A cantilever beam (aluminum 6061) of length 543 mm, width 30 mm and height 8 mm is considered. A through-width

transverse crack, 1.2 mm long (along the beam span) and 2 mm deep is located 293 mm distant from the fixed end.

The mode shapes of the beam are obtained using an electromechanical shaker (B&K 4890) as an actuator and a SLV (Polytec

PSV-400) as a sensor. The experimental setup is shown in Fig. 9.

4.2. Results

Identification of damage using the TEO-WT modal curvature is exemplified by the fourth and the seventh mode shapes.

Fig. 10(a) presents the fourth mode shape at the natural frequency (655 Hz), for which the modal curvature, WT modal

curvature, and TEO-WT modal curvature are shown in Fig. 10(b)–(d), respectively. In Fig. 10(b), several higher-magnitude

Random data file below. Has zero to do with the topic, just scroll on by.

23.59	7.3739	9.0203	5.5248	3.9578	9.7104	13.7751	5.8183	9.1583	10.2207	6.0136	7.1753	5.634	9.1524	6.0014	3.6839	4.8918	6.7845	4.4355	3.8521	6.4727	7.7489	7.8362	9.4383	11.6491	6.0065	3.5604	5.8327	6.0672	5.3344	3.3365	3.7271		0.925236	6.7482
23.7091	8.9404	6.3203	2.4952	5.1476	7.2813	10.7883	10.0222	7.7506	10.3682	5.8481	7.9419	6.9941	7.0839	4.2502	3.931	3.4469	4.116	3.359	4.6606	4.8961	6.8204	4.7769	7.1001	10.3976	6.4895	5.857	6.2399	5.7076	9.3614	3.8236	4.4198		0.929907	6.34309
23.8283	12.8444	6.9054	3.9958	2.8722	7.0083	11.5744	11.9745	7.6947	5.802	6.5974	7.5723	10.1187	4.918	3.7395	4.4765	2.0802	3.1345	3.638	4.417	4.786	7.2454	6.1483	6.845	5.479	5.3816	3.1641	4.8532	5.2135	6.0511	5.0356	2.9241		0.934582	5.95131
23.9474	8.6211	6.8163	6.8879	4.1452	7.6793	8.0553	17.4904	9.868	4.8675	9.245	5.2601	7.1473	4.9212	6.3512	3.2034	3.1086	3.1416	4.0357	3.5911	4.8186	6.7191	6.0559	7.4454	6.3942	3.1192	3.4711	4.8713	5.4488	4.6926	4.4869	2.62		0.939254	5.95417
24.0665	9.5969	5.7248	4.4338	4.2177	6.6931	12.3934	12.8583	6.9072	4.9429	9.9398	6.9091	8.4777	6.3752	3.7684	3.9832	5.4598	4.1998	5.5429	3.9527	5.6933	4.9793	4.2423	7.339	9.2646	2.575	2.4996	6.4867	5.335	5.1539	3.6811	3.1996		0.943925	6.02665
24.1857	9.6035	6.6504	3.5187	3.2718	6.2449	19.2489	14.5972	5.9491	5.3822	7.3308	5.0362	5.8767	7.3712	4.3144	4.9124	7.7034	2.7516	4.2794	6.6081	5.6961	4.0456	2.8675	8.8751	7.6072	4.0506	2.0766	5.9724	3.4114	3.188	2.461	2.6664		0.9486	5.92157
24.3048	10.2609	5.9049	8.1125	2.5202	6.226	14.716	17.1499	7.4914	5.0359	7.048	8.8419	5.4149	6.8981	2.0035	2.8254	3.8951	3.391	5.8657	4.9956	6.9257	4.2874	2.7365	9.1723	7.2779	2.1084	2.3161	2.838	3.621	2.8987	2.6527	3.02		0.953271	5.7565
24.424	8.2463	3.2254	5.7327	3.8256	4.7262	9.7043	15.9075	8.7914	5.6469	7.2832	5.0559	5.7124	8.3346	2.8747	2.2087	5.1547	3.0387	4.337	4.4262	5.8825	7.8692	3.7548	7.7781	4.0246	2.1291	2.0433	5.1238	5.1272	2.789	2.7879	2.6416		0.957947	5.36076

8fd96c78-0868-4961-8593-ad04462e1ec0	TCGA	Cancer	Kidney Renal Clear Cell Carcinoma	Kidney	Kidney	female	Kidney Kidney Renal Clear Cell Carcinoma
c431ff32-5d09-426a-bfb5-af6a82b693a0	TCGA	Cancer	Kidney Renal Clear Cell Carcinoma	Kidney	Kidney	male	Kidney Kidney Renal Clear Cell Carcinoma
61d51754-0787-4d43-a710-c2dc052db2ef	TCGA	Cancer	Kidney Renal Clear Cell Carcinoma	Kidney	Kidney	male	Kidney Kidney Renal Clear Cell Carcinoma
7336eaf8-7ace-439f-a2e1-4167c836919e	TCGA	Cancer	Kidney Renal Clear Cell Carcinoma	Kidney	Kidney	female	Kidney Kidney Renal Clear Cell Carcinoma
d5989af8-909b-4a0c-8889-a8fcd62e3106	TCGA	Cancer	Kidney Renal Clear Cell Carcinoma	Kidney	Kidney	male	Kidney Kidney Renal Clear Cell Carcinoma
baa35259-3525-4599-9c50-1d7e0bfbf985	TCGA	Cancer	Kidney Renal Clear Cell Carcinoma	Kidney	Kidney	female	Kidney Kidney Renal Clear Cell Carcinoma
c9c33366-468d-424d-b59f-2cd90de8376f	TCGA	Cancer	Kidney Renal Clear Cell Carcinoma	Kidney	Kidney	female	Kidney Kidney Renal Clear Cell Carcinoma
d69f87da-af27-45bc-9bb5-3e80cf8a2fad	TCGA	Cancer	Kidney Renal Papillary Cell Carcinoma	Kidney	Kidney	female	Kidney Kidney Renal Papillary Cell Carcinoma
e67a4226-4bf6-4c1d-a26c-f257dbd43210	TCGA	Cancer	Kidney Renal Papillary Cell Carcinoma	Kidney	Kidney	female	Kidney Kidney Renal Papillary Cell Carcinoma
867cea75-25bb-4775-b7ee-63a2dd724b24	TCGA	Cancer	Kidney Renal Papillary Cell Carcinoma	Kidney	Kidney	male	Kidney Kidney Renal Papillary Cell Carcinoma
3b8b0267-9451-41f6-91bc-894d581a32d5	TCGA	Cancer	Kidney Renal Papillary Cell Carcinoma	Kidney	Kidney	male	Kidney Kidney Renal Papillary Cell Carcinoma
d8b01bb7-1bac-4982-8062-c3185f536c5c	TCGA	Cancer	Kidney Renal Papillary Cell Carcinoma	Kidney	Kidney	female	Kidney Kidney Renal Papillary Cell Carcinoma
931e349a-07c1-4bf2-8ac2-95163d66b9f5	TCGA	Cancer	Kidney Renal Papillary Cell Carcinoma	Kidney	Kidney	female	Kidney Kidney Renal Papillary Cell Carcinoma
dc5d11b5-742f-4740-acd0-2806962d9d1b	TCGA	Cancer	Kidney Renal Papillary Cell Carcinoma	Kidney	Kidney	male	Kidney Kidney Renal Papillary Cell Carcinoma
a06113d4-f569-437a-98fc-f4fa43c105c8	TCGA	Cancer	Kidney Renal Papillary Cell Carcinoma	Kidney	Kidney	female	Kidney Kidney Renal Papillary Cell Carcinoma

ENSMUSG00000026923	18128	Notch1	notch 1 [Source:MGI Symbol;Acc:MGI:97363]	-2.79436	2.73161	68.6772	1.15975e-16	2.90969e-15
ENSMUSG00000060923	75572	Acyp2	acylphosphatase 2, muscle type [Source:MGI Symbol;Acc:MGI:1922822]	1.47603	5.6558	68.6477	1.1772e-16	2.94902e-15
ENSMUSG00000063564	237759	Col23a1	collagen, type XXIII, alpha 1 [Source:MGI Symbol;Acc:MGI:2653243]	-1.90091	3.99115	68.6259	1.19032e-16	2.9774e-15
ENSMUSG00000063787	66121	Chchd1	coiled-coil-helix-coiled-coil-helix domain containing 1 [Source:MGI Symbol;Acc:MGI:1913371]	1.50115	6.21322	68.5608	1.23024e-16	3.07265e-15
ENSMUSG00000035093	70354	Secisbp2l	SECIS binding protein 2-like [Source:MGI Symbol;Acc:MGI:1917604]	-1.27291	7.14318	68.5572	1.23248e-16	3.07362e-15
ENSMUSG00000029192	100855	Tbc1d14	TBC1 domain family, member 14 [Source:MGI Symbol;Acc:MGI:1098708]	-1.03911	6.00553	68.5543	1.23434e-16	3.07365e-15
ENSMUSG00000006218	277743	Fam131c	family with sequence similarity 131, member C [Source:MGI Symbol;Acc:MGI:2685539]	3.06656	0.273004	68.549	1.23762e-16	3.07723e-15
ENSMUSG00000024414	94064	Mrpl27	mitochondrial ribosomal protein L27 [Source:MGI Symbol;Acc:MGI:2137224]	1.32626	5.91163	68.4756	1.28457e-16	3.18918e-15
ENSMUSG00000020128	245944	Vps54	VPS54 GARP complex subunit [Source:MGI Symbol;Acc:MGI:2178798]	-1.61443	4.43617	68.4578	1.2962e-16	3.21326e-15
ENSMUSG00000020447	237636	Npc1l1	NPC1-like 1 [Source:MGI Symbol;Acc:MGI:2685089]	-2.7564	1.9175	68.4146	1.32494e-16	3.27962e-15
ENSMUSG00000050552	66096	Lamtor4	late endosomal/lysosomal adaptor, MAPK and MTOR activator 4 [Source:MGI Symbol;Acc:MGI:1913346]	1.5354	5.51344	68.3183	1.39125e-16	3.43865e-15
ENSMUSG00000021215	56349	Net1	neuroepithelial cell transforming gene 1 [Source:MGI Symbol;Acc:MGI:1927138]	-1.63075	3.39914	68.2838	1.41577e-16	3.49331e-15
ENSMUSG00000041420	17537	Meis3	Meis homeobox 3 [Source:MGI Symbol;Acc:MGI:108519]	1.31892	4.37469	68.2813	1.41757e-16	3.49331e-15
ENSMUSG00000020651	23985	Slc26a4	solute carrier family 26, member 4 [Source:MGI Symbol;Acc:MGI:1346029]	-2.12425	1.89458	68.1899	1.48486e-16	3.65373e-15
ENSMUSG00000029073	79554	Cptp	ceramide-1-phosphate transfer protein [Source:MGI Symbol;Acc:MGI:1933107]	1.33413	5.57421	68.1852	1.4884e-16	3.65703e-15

singular peaks appear in the noisy modal curvature, which could induce false alerts of the occurrence of damage; in Fig. 10

(c), a small upsurge around 300 mm from the fixed end can be slightly discerned in the WT modal curvature but it is too

insignificant to indicate unequivocally the occurrence of damage; in Fig. 10(d), a marked singular peak rises sharply in the

Fig. 10. Experimental identification of a crack in a cantilever beam. (a) the fourth mode shape; (b) modal curvature; (c) WT modal curvature; (d) TEO-WT

modal curvature.

1552 M. Cao et al. / Journal of Sound and Vibration 333 (2014) 1543–1553

Fig. 11. Experimental identification of a crack in a cantilever beam. (a) the seventh mode shape; (b) modal curvature; (c) WT modal curvature; (d) TEO-WT

modal curvature.

TEO-WT modal curvature, pinpointing the crack at 295 mm from the fixed end of the beam. This identification result is in

good agreement with the actual crack at 293 mm from the fixed end. A better result of the crack identification can be found

in the seventh mode shape, as shown in Fig. 11, where an enhanced singular peak in the TEO-WT modal curvature much

more clearly indicates the crack.